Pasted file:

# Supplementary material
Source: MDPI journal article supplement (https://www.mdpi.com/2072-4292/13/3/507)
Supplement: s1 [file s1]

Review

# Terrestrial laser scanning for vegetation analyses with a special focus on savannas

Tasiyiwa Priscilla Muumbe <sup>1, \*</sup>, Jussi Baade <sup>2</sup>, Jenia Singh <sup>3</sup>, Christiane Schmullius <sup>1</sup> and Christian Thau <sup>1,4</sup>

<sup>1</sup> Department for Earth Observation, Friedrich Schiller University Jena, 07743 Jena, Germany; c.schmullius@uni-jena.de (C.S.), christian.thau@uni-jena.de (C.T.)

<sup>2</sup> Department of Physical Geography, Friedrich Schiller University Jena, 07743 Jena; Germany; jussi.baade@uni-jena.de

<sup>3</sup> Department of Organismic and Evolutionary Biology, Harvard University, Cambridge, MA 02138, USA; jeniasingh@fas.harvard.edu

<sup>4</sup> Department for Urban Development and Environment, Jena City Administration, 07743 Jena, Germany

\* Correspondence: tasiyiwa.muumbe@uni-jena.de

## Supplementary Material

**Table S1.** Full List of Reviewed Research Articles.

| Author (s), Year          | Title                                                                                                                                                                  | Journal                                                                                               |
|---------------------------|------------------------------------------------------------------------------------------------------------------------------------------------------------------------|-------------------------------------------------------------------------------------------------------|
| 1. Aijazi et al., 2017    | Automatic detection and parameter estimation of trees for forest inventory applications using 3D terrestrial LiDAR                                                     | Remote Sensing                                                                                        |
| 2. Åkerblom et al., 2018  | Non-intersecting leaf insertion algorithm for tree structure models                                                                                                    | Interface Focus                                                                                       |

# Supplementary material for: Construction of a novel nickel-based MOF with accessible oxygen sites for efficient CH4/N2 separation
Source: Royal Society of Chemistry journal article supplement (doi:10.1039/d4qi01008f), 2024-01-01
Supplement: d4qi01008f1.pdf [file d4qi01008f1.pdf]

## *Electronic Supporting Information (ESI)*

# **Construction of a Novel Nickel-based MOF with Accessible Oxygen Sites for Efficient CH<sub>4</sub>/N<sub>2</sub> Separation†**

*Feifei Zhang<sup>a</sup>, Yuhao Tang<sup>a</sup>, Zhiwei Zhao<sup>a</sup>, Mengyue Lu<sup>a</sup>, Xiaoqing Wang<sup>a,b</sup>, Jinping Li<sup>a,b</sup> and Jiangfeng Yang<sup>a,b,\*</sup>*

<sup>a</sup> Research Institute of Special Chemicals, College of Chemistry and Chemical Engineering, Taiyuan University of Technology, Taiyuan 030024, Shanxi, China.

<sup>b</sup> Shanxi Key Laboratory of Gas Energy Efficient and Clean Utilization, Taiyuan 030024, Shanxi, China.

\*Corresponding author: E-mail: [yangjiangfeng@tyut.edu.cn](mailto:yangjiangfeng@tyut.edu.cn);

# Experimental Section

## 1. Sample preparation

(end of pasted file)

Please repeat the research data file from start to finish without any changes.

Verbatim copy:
# Supplementary material
Source: MDPI journal article supplement (https://www.mdpi.com/2072-4292/13/3/507)
Supplement: s1 [file s1]

Review

# Terrestrial laser scanning for vegetation analyses with a special focus on savannas

Tasiyiwa Priscilla Muumbe <sup>1, \*</sup>, Jussi Baade <sup>2</sup>, Jenia Singh <sup>3</sup>, Christiane Schmullius <sup>1</sup> and Christian Thau <sup>1,4</sup>

<sup>1</sup> Department for Earth Observation, Friedrich Schiller University Jena, 07743 Jena, Germany; c.schmullius@uni-jena.de (C.S.), christian.thau@uni-jena.de (C.T.)

<sup>2</sup> Department of Physical Geography, Friedrich Schiller University Jena, 07743 Jena; Germany; jussi.baade@uni-jena.de

<sup>3</sup> Department of Organismic and Evolutionary Biology, Harvard University, Cambridge, MA 02138, USA; jeniasingh@fas.harvard.edu

<sup>4</sup> Department for Urban Development and Environment, Jena City Administration, 07743 Jena, Germany

\* Correspondence: tasiyiwa.muumbe@uni-jena.de

## Supplementary Material

**Table S1.** Full List of Reviewed Research Articles.

| Author (s), Year          | Title                                                                                                                                                                  | Journal                                                                                               |
|---------------------------|------------------------------------------------------------------------------------------------------------------------------------------------------------------------|-------------------------------------------------------------------------------------------------------|
| 1. Aijazi et al., 2017    | Automatic detection and parameter estimation of trees for forest inventory applications using 3D terrestrial LiDAR                                                     | Remote Sensing                                                                                        |
| 2. Åkerblom et al., 2018  | Non-intersecting leaf insertion algorithm for tree structure models                                                                                                    | Interface Focus                                                                                       |

# Supplementary material for: Construction of a novel nickel-based MOF with accessible oxygen sites for efficient CH4/N2 separation
Source: Royal Society of Chemistry journal article supplement (doi:10.1039/d4qi01008f), 2024-01-01
Supplement: d4qi01008f1.pdf [file d4qi01008f1.pdf]

## *Electronic Supporting Information (ESI)*

# **Construction of a Novel Nickel-based MOF with Accessible Oxygen Sites for Efficient CH<sub>4</sub>/N<sub>2</sub> Separation†**

*Feifei Zhang<sup>a</sup>, Yuhao Tang<sup>a</sup>, Zhiwei Zhao<sup>a</sup>, Mengyue Lu<sup>a</sup>, Xiaoqing Wang<sup>a,b</sup>, Jinping Li<sup>a,b</sup> and Jiangfeng Yang<sup>a,b,\*</sup>*

<sup>a</sup> Research Institute of Special Chemicals, College of Chemistry and Chemical Engineering, Taiyuan University of Technology, Taiyuan 030024, Shanxi, China.

<sup>b</sup> Shanxi Key Laboratory of Gas Energy Efficient and Clean Utilization, Taiyuan 030024, Shanxi, China.

\*Corresponding author: E-mail: [yangjiangfeng@tyut.edu.cn](mailto:yangjiangfeng@tyut.edu.cn);

# Experimental Section

## 1. Sample preparation